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Review

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Open AccessFeature PaperReview Nano-Doped Monolithic Materials for Molecular Separation
Separations 2017, 4(1), 2; doi:10.3390/separations4010002
Received: 4 November 2016 / Revised: 11 December 2016 / Accepted: 18 December 2016 / Published: 1 January 2017
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Abstract
Monoliths are continuous adsorbents that can easily be synthesised to possess tuneable meso-/macropores, convective fluid transport, and a plethora of chemistries for ligand immobilisation. They are grouped into three main classes: organic, inorganic, and hybrid, based on their chemical composition. These classes may
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Monoliths are continuous adsorbents that can easily be synthesised to possess tuneable meso-/macropores, convective fluid transport, and a plethora of chemistries for ligand immobilisation. They are grouped into three main classes: organic, inorganic, and hybrid, based on their chemical composition. These classes may also be differentiated by their unique morphological and physicochemical properties which are significantly relevant to their specific separation applications. The potential applications of monoliths for molecular separation have created the need to enhance their characteristic properties including mechanical strength, electrical conductivity, and chemical and thermal stability. An effective approach towards monolith enhancement has been the doping and/or hybridization with miniaturized molecular species of desirable functionalities and characteristics. Nanoparticles are usually preferred as dopants due to their high solid phase dispersion features which are associated with improved intermolecular adsorptive interactions. Examples of such nanomaterials include, but are not limited to, carbon-based, silica-based, gold-based, and alumina nanoparticles. The incorporation of these nanoparticles into monoliths via in situ polymerisation and/or post-modification enhances surface adsorption for activation and ligand immobilisation. Herein, insights into the performance enhancement of monoliths as chromatographic supports by nanoparticles doping are presented. In addition, the potential and characteristics of less common nanoparticle materials such as hydroxyapatite, ceria, hafnia, and germania are discussed. The advantages and challenges of nanoparticle doping of monoliths are also discussed. Full article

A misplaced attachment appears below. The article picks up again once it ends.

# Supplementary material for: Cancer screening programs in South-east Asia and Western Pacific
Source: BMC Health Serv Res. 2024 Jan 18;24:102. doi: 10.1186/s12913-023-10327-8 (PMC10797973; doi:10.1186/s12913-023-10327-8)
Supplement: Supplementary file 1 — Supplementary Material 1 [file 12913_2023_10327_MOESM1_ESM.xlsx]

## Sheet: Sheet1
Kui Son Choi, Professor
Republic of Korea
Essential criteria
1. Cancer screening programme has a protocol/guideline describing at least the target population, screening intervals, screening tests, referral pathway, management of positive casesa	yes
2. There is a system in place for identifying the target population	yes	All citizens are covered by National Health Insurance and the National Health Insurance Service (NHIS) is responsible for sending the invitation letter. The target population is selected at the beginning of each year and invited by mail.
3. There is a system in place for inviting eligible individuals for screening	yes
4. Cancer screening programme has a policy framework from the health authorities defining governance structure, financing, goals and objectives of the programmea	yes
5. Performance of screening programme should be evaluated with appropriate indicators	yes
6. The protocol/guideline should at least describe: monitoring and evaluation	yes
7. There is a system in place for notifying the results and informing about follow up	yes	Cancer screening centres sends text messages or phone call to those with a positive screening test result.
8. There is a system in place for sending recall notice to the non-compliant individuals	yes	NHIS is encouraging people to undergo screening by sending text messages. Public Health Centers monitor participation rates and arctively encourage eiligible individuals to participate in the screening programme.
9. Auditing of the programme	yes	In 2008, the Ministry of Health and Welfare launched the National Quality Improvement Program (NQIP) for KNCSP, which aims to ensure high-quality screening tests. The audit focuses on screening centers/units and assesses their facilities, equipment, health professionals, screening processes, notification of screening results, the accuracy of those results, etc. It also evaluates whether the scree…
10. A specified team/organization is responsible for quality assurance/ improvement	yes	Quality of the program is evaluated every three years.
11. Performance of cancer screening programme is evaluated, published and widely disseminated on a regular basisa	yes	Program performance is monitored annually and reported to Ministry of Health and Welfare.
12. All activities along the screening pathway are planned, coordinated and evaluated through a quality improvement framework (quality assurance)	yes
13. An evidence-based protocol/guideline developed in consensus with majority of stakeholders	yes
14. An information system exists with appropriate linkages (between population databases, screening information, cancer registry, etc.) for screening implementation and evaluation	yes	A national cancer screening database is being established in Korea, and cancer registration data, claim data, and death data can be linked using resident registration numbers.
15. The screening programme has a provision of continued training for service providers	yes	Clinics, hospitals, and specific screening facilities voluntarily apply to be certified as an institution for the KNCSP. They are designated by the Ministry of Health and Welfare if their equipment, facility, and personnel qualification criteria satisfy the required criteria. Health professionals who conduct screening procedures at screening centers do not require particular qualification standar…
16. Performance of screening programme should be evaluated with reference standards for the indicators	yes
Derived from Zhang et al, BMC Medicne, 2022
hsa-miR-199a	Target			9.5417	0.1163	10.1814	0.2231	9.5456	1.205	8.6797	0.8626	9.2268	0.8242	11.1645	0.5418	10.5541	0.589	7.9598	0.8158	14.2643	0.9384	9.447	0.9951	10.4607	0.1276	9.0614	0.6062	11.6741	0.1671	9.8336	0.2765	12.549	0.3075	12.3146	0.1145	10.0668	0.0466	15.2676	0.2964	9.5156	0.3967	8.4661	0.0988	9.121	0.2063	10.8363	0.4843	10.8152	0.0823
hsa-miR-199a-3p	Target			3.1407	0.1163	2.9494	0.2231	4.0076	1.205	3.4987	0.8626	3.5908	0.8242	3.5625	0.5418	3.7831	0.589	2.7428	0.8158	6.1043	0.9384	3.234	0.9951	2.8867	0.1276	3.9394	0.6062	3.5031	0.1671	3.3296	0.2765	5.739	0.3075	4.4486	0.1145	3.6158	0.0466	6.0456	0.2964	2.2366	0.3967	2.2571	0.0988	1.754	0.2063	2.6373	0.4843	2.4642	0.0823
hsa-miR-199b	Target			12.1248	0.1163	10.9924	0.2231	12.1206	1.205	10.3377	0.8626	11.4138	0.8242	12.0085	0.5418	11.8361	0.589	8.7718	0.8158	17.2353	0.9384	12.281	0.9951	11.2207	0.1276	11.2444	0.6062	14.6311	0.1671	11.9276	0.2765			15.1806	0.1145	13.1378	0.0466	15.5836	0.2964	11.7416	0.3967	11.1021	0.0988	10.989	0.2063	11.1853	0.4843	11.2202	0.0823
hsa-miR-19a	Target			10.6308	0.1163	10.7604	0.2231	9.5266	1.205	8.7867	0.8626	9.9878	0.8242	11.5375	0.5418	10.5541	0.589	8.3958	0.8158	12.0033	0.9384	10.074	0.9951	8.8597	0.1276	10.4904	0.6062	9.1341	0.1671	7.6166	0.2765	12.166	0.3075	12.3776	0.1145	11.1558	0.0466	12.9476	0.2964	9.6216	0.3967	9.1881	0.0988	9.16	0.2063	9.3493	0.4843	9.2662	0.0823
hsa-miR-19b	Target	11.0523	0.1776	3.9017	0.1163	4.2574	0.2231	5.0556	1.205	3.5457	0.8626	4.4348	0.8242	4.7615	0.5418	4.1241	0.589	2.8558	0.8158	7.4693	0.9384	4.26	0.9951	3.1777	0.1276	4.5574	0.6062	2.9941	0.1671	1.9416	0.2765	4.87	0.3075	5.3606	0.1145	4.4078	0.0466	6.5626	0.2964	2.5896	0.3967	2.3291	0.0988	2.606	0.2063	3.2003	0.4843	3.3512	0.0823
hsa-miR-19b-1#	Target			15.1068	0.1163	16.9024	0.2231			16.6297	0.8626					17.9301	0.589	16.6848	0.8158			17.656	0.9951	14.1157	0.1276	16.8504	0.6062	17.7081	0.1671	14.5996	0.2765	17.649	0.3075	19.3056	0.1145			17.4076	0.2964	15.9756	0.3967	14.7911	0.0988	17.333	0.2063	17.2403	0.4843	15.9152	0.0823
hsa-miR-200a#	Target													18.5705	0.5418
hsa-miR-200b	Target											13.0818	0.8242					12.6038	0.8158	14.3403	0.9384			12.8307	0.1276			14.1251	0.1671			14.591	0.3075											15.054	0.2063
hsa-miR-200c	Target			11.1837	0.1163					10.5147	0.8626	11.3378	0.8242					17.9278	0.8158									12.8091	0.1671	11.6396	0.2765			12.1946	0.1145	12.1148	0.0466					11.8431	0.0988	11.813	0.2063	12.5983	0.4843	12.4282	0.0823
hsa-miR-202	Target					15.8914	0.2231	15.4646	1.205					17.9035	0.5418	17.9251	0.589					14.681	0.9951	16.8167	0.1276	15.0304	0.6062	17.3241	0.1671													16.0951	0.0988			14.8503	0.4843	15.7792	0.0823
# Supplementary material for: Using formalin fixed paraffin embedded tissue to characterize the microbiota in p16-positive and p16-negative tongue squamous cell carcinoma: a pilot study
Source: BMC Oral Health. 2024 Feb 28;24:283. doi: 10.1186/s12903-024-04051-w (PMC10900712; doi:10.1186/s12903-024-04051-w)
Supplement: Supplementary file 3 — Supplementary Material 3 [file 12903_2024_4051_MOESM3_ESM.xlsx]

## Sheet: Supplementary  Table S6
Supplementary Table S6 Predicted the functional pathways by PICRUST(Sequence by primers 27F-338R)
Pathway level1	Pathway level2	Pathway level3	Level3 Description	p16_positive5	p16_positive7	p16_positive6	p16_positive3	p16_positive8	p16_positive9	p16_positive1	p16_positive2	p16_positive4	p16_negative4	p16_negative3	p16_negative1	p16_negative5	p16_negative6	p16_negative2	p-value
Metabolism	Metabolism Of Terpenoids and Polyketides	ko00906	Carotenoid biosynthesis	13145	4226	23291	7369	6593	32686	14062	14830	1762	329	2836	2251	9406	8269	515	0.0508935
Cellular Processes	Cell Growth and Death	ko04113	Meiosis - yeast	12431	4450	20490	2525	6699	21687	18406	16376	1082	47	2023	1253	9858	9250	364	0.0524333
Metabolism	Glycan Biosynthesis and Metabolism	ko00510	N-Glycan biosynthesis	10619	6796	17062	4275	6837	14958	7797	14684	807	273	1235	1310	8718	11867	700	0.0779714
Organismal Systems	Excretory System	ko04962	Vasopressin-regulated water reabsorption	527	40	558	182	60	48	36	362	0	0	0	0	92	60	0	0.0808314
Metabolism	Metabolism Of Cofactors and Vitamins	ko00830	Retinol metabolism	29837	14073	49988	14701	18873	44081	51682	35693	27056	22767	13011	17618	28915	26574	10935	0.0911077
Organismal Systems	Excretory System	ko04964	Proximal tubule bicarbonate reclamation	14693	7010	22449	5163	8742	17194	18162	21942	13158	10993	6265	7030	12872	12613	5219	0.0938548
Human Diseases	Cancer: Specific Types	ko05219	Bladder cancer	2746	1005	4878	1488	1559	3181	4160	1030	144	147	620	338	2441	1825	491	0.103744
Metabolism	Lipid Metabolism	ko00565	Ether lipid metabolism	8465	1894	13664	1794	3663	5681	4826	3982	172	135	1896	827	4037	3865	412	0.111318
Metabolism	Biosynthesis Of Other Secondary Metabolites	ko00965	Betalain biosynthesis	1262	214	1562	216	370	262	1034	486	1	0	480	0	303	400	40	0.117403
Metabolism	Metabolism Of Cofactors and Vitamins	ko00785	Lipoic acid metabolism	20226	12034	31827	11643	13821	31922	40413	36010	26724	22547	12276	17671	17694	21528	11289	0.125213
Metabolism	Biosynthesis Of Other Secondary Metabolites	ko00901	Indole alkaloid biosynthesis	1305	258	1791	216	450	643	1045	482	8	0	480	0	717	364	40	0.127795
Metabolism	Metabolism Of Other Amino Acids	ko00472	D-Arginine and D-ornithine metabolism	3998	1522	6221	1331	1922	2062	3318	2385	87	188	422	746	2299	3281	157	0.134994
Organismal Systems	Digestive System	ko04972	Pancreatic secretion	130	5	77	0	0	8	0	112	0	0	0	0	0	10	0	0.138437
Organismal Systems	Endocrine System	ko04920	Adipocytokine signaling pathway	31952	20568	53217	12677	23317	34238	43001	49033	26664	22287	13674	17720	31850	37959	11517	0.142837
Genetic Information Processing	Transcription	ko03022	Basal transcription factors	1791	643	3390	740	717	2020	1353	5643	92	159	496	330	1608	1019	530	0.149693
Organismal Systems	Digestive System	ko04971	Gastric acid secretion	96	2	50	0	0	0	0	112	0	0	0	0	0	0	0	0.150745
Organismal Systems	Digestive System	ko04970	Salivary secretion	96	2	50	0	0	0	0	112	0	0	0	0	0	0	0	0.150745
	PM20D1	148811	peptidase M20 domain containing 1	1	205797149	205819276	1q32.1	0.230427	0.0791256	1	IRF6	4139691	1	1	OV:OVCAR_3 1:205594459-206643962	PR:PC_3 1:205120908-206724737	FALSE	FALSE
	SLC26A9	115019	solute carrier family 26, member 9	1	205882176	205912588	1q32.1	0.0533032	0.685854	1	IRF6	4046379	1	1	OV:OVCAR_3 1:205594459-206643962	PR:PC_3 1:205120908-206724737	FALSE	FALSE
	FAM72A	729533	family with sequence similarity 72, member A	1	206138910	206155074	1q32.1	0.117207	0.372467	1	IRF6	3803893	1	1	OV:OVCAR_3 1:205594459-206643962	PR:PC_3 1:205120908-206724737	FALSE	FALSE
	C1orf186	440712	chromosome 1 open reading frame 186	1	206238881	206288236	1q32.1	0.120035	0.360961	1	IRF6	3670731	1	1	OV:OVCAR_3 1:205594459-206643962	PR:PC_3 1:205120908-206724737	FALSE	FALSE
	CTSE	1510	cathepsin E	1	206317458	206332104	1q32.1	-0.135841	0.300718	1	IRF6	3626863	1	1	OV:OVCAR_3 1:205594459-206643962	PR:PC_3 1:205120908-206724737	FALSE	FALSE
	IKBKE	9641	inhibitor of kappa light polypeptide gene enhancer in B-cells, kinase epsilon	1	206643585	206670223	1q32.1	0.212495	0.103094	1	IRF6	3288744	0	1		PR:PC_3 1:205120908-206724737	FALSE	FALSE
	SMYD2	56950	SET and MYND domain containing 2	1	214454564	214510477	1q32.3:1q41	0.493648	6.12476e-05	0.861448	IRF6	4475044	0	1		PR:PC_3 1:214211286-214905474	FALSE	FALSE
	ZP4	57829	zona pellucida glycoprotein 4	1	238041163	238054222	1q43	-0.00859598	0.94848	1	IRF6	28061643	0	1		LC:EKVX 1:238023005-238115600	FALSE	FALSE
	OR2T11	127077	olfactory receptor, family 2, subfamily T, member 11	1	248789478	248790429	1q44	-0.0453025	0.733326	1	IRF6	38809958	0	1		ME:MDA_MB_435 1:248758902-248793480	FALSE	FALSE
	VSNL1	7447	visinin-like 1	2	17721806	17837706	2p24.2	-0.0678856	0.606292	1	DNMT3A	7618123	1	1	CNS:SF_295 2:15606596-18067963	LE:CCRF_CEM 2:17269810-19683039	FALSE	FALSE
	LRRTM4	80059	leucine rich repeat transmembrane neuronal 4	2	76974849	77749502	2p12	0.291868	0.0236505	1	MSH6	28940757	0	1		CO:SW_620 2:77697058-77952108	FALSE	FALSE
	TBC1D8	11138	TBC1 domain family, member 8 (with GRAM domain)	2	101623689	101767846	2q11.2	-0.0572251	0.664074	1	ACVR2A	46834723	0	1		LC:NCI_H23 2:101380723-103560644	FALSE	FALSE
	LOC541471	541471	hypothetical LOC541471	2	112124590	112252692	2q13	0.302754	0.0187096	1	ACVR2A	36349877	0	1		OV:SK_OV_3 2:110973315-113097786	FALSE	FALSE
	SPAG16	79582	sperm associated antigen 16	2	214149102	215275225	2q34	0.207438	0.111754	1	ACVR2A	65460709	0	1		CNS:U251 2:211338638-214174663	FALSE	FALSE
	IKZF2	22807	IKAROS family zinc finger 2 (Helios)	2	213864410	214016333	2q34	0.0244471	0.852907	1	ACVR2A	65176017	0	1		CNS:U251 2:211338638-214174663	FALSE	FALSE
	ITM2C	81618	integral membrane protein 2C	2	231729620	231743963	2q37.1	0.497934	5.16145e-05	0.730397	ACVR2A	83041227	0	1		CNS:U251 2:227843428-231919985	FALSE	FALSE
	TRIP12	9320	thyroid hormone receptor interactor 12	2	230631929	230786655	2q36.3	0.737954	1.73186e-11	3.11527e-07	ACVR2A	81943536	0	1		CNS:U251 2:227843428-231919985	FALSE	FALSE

(This article belongs to the Special Issue Monolithic Columns in Separation Sciences)
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Open AccessFeature PaperReview Recent Advances in Extraction and Stirring Integrated Techniques
Separations 2017, 4(1), 6; doi:10.3390/separations4010006
Received: 31 January 2017 / Revised: 6 March 2017 / Accepted: 7 March 2017 / Published: 15 March 2017
Cited by 4 | PDF Full-text (5257 KB) | HTML Full-text | XML Full-text
Abstract
The extraction yield of a microextraction technique depends on thermodynamic and kinetics factors. Both of these factors have been the focus of intensive research in the last few years. The extraction yield can be increased by synthesizing and using novel materials with favorable
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The extraction yield of a microextraction technique depends on thermodynamic and kinetics factors. Both of these factors have been the focus of intensive research in the last few years. The extraction yield can be increased by synthesizing and using novel materials with favorable distribution constants (one of the thermodynamic factors) for target analytes. The extraction yield can also be increased by improving kinetic factors, for example, by developing new extraction modes. Microextraction techniques are usually non-exhaustive processes that work under the kinetic range. In such conditions, the improvement of the extraction kinetics necessarily improves the performance. Since the extraction yield and efficiency is related to how fast the analytes diffuse in samples, it is crucial to stir the sample during extraction. The stirring can be done with an external element or can be integrated with the extraction element in the same device. This article reviews the main recent advances in the so-called extraction/stirring integrated techniques with emphasis on their potential and promising approaches rather than in their applications. Full article
(This article belongs to the Special Issue Trends in Microextraction Techniques for Sample Preparation)